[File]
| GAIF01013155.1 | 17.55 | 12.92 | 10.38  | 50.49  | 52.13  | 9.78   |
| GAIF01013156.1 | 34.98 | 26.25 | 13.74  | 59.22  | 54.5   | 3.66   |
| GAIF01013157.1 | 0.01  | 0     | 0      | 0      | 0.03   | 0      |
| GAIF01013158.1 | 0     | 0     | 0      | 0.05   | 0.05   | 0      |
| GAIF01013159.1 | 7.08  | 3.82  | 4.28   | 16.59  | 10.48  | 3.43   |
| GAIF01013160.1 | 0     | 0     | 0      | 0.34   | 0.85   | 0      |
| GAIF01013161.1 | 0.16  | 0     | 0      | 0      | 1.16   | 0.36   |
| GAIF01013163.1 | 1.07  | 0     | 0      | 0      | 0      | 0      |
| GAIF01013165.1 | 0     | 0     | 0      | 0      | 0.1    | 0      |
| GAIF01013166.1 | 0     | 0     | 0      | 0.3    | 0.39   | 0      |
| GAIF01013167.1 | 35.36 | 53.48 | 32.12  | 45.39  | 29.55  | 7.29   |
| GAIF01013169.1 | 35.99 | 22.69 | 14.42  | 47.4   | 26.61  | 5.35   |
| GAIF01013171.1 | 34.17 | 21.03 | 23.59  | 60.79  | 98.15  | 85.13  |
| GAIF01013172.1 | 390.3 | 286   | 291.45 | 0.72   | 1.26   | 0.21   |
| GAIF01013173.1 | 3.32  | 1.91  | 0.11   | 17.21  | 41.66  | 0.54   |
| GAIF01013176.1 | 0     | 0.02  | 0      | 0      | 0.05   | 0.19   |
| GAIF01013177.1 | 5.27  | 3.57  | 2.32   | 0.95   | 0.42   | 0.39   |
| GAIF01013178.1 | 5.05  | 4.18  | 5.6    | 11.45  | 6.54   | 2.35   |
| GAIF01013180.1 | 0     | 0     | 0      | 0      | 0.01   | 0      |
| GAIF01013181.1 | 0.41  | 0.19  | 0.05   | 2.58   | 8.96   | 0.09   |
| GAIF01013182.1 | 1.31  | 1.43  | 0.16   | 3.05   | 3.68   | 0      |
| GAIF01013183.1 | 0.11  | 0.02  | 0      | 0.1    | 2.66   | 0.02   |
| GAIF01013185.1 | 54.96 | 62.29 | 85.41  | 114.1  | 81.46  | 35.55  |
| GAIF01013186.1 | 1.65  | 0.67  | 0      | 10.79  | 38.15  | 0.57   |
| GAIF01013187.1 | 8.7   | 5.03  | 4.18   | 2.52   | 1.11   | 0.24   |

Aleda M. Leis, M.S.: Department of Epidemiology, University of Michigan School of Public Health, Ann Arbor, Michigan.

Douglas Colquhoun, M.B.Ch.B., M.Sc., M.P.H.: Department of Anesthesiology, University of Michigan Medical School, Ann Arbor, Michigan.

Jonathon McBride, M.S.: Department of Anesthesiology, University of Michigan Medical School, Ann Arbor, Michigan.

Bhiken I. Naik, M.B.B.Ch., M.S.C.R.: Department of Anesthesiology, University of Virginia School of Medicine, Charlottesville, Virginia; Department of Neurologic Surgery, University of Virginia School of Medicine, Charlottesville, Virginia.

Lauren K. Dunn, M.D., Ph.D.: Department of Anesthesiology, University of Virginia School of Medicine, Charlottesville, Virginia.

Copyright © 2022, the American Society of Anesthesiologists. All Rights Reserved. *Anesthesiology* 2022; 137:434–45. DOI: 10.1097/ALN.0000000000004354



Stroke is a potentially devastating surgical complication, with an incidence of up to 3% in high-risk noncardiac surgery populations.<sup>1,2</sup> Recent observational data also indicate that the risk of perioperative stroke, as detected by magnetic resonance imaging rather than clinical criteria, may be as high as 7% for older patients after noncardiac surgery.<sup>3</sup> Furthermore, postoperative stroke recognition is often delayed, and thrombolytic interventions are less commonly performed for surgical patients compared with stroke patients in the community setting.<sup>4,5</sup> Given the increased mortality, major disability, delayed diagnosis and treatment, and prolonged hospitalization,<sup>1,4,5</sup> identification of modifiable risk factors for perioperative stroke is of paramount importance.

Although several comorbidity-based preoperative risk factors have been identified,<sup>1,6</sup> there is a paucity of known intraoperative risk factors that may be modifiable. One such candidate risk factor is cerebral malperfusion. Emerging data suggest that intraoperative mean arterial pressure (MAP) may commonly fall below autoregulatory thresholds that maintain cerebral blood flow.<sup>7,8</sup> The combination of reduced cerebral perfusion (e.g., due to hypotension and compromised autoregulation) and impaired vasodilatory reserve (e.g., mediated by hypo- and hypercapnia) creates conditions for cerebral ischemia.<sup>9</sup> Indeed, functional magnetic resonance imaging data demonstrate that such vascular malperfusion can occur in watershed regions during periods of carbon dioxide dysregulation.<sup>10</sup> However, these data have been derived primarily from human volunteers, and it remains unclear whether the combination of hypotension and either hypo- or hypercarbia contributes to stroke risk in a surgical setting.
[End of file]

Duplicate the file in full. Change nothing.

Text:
| GAIF01013155.1 | 17.55 | 12.92 | 10.38  | 50.49  | 52.13  | 9.78   |
| GAIF01013156.1 | 34.98 | 26.25 | 13.74  | 59.22  | 54.5   | 3.66   |
| GAIF01013157.1 | 0.01  | 0     | 0      | 0      | 0.03   | 0      |
| GAIF01013158.1 | 0     | 0     | 0      | 0.05   | 0.05   | 0      |
| GAIF01013159.1 | 7.08  | 3.82  | 4.28   | 16.59  | 10.48  | 3.43   |
| GAIF01013160.1 | 0     | 0     | 0      | 0.34   | 0.85   | 0      |
| GAIF01013161.1 | 0.16  | 0     | 0      | 0      | 1.16   | 0.36   |
| GAIF01013163.1 | 1.07  | 0     | 0      | 0      | 0      | 0      |
| GAIF01013165.1 | 0     | 0     | 0      | 0      | 0.1    | 0      |
| GAIF01013166.1 | 0     | 0     | 0      | 0.3    | 0.39   | 0      |
| GAIF01013167.1 | 35.36 | 53.48 | 32.12  | 45.39  | 29.55  | 7.29   |
| GAIF01013169.1 | 35.99 | 22.69 | 14.42  | 47.4   | 26.61  | 5.35   |
| GAIF01013171.1 | 34.17 | 21.03 | 23.59  | 60.79  | 98.15  | 85.13  |
| GAIF01013172.1 | 390.3 | 286   | 291.45 | 0.72   | 1.26   | 0.21   |
| GAIF01013173.1 | 3.32  | 1.91  | 0.11   | 17.21  | 41.66  | 0.54   |
| GAIF01013176.1 | 0     | 0.02  | 0      | 0      | 0.05   | 0.19   |
| GAIF01013177.1 | 5.27  | 3.57  | 2.32   | 0.95   | 0.42   | 0.39   |
| GAIF01013178.1 | 5.05  | 4.18  | 5.6    | 11.45  | 6.54   | 2.35   |
| GAIF01013180.1 | 0     | 0     | 0      | 0      | 0.01   | 0      |
| GAIF01013181.1 | 0.41  | 0.19  | 0.05   | 2.58   | 8.96   | 0.09   |
| GAIF01013182.1 | 1.31  | 1.43  | 0.16   | 3.05   | 3.68   | 0      |
| GAIF01013183.1 | 0.11  | 0.02  | 0      | 0.1    | 2.66   | 0.02   |
| GAIF01013185.1 | 54.96 | 62.29 | 85.41  | 114.1  | 81.46  | 35.55  |
| GAIF01013186.1 | 1.65  | 0.67  | 0      | 10.79  | 38.15  | 0.57   |
| GAIF01013187.1 | 8.7   | 5.03  | 4.18   | 2.52   | 1.11   | 0.24   |

Aleda M. Leis, M.S.: Department of Epidemiology, University of Michigan School of Public Health, Ann Arbor, Michigan.

Douglas Colquhoun, M.B.Ch.B., M.Sc., M.P.H.: Department of Anesthesiology, University of Michigan Medical School, Ann Arbor, Michigan.

Jonathon McBride, M.S.: Department of Anesthesiology, University of Michigan Medical School, Ann Arbor, Michigan.

Bhiken I. Naik, M.B.B.Ch., M.S.C.R.: Department of Anesthesiology, University of Virginia School of Medicine, Charlottesville, Virginia; Department of Neurologic Surgery, University of Virginia School of Medicine, Charlottesville, Virginia.

Lauren K. Dunn, M.D., Ph.D.: Department of Anesthesiology, University of Virginia School of Medicine, Charlottesville, Virginia.

Copyright © 2022, the American Society of Anesthesiologists. All Rights Reserved. *Anesthesiology* 2022; 137:434–45. DOI: 10.1097/ALN.0000000000004354



Stroke is a potentially devastating surgical complication, with an incidence of up to 3% in high-risk noncardiac surgery populations.<sup>1,2</sup> Recent observational data also indicate that the risk of perioperative stroke, as detected by magnetic resonance imaging rather than clinical criteria, may be as high as 7% for older patients after noncardiac surgery.<sup>3</sup> Furthermore, postoperative stroke recognition is often delayed, and thrombolytic interventions are less commonly performed for surgical patients compared with stroke patients in the community setting.<sup>4,5</sup> Given the increased mortality, major disability, delayed diagnosis and treatment, and prolonged hospitalization,<sup>1,4,5</sup> identification of modifiable risk factors for perioperative stroke is of paramount importance.

Although several comorbidity-based preoperative risk factors have been identified,<sup>1,6</sup> there is a paucity of known intraoperative risk factors that may be modifiable. One such candidate risk factor is cerebral malperfusion. Emerging data suggest that intraoperative mean arterial pressure (MAP) may commonly fall below autoregulatory thresholds that maintain cerebral blood flow.<sup>7,8</sup> The combination of reduced cerebral perfusion (e.g., due to hypotension and compromised autoregulation) and impaired vasodilatory reserve (e.g., mediated by hypo- and hypercapnia) creates conditions for cerebral ischemia.<sup>9</sup> Indeed, functional magnetic resonance imaging data demonstrate that such vascular malperfusion can occur in watershed regions during periods of carbon dioxide dysregulation.<sup>10</sup> However, these data have been derived primarily from human volunteers, and it remains unclear whether the combination of hypotension and either hypo- or hypercarbia contributes to stroke risk in a surgical setting.